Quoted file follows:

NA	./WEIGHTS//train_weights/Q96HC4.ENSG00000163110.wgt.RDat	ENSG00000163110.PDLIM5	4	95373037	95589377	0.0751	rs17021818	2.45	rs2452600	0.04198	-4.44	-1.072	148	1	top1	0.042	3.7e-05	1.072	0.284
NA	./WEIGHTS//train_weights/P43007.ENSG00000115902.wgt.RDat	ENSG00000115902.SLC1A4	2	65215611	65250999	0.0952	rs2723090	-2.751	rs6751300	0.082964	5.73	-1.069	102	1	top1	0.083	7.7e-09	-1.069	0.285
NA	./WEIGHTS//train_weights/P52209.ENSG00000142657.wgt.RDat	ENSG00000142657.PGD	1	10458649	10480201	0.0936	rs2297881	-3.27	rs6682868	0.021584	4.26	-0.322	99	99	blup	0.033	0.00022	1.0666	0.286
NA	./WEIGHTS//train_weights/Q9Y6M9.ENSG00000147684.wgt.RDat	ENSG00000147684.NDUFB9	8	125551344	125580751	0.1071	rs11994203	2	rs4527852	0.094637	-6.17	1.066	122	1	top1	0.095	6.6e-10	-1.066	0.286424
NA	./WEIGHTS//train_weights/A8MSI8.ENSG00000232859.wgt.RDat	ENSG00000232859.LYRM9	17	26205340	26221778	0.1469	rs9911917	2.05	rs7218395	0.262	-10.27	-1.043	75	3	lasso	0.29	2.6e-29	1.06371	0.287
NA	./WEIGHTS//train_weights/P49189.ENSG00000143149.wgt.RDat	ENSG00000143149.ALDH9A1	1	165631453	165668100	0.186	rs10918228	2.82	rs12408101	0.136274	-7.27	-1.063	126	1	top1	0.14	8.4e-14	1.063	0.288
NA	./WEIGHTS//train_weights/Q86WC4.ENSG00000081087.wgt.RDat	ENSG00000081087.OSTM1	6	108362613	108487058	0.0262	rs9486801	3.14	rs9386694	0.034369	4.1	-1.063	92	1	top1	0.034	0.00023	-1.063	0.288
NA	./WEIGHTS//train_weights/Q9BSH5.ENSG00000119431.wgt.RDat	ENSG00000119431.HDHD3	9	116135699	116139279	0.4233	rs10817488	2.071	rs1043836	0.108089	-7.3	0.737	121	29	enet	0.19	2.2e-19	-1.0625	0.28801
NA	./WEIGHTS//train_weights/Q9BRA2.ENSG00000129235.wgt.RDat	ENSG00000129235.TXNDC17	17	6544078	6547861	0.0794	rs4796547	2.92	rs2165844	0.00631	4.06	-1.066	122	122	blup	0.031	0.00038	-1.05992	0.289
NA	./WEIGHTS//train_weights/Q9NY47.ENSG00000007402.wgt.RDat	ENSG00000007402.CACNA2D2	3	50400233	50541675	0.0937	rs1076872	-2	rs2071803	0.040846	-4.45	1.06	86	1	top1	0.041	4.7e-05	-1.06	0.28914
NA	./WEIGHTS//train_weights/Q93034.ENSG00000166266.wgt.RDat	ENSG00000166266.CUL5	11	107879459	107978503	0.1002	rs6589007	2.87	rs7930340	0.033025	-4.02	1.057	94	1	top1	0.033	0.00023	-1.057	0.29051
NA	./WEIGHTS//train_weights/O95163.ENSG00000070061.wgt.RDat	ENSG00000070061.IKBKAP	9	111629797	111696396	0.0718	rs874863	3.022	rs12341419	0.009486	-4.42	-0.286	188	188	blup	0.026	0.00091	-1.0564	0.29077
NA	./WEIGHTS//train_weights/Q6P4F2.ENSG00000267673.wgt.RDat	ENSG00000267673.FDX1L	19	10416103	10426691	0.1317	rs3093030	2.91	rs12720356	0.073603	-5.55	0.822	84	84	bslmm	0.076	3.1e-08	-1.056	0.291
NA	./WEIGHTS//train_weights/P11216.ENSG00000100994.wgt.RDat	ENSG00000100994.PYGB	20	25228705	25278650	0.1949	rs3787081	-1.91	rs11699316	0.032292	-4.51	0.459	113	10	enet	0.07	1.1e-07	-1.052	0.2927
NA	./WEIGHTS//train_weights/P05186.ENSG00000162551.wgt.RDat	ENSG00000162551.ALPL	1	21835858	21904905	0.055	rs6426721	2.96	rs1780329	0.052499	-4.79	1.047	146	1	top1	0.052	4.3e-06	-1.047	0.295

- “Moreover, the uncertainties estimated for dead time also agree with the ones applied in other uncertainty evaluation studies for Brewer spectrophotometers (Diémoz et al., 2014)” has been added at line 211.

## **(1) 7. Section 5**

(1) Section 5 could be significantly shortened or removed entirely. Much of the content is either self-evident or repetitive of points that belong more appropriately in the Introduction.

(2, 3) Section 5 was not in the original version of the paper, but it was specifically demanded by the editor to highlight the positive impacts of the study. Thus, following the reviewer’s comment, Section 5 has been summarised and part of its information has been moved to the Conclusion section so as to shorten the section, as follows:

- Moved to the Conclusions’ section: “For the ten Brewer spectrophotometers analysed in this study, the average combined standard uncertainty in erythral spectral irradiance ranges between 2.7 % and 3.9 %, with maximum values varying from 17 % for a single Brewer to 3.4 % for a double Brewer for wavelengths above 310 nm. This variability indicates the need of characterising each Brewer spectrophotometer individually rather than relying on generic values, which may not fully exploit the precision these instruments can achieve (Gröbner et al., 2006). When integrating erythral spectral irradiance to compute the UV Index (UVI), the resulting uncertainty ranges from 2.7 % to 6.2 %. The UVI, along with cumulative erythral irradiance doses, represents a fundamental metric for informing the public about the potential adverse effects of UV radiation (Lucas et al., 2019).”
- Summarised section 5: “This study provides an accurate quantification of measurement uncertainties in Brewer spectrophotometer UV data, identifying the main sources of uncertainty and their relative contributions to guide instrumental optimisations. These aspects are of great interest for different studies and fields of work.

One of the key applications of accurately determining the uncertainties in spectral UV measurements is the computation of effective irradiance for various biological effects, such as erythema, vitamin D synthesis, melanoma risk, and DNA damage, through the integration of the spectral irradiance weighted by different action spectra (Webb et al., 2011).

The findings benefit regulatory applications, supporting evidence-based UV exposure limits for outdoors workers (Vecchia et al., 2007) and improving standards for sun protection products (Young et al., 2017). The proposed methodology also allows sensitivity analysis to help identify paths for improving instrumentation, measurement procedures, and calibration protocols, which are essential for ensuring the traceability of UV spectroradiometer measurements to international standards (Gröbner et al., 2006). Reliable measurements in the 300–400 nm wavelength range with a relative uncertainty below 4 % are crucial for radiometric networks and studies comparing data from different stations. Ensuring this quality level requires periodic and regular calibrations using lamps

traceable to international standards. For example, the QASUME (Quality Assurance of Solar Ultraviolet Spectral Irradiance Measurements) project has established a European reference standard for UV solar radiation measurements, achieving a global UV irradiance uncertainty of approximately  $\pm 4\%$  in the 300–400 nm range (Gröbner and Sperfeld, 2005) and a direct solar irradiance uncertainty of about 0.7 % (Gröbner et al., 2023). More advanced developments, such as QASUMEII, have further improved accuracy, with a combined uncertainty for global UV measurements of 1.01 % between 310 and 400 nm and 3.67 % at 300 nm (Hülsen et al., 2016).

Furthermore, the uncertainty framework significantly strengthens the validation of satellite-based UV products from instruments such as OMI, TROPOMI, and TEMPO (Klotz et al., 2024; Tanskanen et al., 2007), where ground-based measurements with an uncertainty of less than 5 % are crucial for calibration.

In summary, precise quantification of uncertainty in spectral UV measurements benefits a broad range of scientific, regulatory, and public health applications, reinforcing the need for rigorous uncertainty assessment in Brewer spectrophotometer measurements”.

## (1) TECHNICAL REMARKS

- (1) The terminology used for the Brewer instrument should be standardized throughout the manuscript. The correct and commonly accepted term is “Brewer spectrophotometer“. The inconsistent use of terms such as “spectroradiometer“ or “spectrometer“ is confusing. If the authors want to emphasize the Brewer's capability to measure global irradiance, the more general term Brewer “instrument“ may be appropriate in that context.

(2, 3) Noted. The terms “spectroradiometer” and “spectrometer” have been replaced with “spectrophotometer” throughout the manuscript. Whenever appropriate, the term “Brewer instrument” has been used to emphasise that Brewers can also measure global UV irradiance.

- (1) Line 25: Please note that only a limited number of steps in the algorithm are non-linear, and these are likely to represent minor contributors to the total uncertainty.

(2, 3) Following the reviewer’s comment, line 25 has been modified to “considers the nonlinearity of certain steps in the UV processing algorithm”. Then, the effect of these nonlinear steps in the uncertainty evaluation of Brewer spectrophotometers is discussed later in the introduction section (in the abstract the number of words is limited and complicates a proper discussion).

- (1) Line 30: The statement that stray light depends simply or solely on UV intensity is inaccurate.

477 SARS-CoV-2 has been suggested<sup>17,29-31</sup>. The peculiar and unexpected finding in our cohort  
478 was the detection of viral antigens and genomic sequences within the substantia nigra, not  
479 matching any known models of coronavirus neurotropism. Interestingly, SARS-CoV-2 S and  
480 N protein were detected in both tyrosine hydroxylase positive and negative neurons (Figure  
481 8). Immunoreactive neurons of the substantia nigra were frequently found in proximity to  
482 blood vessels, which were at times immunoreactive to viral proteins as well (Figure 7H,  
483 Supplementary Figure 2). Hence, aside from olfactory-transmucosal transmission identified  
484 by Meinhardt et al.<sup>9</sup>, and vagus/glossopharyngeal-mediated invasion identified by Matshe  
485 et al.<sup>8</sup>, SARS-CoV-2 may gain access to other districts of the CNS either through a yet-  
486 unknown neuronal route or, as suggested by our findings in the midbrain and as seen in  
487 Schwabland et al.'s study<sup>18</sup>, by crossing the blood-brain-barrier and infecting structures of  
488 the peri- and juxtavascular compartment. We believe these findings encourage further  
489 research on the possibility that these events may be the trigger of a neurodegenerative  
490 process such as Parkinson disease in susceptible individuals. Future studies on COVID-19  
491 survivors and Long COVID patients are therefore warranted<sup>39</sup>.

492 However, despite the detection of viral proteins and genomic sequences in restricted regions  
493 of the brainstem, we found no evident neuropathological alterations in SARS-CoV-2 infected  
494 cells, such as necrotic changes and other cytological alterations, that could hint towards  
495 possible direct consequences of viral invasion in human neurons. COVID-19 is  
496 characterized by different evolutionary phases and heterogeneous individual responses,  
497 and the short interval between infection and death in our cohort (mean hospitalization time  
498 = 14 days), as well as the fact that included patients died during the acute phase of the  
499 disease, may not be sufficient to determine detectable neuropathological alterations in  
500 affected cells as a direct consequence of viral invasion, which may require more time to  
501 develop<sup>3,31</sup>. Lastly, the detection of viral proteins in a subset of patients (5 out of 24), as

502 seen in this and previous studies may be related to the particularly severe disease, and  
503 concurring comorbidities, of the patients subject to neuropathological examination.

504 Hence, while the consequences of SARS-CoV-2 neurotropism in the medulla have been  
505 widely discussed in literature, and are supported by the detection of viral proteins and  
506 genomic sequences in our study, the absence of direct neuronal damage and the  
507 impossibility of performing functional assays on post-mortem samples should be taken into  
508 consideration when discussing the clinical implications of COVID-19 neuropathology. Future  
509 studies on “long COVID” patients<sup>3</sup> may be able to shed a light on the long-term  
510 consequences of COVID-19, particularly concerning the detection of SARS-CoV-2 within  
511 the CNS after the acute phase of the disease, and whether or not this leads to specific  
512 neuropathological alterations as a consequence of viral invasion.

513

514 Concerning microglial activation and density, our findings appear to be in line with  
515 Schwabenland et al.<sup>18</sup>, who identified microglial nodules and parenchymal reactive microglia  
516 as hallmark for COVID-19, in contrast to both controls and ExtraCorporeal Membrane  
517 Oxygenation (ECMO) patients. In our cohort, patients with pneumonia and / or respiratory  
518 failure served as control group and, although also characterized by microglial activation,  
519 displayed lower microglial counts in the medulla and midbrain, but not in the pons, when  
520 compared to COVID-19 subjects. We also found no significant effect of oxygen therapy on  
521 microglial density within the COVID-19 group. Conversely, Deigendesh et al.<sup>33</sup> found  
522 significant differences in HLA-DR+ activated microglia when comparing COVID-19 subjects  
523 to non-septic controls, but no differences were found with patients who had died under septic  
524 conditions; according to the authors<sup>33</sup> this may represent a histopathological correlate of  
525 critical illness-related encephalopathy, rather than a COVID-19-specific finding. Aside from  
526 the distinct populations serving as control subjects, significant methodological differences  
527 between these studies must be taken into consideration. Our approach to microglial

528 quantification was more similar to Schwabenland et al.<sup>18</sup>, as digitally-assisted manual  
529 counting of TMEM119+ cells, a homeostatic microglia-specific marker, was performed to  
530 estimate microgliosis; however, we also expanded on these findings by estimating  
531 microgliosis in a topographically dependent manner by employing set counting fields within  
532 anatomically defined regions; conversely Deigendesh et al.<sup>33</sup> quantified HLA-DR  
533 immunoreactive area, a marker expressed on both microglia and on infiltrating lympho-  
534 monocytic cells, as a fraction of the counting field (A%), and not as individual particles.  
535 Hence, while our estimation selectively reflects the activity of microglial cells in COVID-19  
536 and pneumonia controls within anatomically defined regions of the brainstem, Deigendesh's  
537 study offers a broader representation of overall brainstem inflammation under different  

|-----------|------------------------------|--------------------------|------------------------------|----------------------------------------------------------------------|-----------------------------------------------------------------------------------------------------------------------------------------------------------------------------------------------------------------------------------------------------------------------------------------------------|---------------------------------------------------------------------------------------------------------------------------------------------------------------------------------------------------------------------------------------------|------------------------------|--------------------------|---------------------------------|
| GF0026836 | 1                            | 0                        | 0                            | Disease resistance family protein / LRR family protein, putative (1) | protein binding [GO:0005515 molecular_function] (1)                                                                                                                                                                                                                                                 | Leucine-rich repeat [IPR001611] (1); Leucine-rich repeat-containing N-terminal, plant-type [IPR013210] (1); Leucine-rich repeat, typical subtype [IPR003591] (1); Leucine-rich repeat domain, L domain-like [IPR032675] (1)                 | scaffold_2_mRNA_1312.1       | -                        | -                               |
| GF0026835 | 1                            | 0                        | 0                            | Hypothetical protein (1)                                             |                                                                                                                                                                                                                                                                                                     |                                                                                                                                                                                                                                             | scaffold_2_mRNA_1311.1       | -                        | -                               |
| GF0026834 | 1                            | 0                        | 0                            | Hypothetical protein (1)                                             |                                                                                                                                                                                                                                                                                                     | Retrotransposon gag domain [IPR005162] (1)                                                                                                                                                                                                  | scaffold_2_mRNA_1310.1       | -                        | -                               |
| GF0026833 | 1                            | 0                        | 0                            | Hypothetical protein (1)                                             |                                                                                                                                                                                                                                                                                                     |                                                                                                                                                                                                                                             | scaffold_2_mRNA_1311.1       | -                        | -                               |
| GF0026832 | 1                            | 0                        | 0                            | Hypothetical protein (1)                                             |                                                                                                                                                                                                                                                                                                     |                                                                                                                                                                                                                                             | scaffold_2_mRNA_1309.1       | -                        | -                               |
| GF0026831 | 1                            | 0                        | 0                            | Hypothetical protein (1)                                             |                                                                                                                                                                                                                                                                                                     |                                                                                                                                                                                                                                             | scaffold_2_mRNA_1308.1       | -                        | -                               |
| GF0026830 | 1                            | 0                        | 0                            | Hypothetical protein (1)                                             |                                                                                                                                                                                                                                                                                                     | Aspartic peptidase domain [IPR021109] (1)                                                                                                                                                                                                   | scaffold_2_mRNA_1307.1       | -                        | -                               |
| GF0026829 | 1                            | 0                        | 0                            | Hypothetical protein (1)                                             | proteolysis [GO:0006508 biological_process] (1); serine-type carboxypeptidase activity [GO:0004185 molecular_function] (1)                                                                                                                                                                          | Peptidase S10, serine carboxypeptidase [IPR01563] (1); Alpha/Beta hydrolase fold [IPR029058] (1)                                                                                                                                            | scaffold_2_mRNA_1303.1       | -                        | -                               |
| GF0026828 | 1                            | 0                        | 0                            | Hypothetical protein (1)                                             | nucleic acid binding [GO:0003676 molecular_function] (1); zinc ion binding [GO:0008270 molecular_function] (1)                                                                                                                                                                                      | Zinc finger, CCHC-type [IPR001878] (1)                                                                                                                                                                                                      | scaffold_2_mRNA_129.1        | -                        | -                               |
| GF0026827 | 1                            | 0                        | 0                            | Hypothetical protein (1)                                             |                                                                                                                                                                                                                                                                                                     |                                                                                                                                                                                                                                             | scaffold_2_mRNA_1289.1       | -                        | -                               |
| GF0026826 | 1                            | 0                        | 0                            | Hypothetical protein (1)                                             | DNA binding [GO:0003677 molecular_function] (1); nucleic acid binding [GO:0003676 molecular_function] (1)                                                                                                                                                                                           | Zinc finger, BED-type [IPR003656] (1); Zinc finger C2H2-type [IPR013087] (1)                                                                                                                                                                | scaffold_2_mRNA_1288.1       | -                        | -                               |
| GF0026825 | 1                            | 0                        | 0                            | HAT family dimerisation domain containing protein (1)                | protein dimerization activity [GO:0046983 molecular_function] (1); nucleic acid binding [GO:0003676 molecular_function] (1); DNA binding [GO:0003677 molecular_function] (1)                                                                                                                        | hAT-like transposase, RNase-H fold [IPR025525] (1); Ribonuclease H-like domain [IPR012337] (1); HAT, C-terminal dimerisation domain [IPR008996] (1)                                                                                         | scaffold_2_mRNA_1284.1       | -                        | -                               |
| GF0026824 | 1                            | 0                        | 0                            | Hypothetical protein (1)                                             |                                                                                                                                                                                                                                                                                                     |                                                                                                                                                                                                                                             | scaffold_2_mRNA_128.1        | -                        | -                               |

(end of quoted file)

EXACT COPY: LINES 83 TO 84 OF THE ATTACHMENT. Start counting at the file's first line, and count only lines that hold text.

527 between these studies must be taken into consideration. Our approach to microglial

528 quantification was more similar to Schwabenland et al.<sup>18</sup>, as digitally-assisted manual  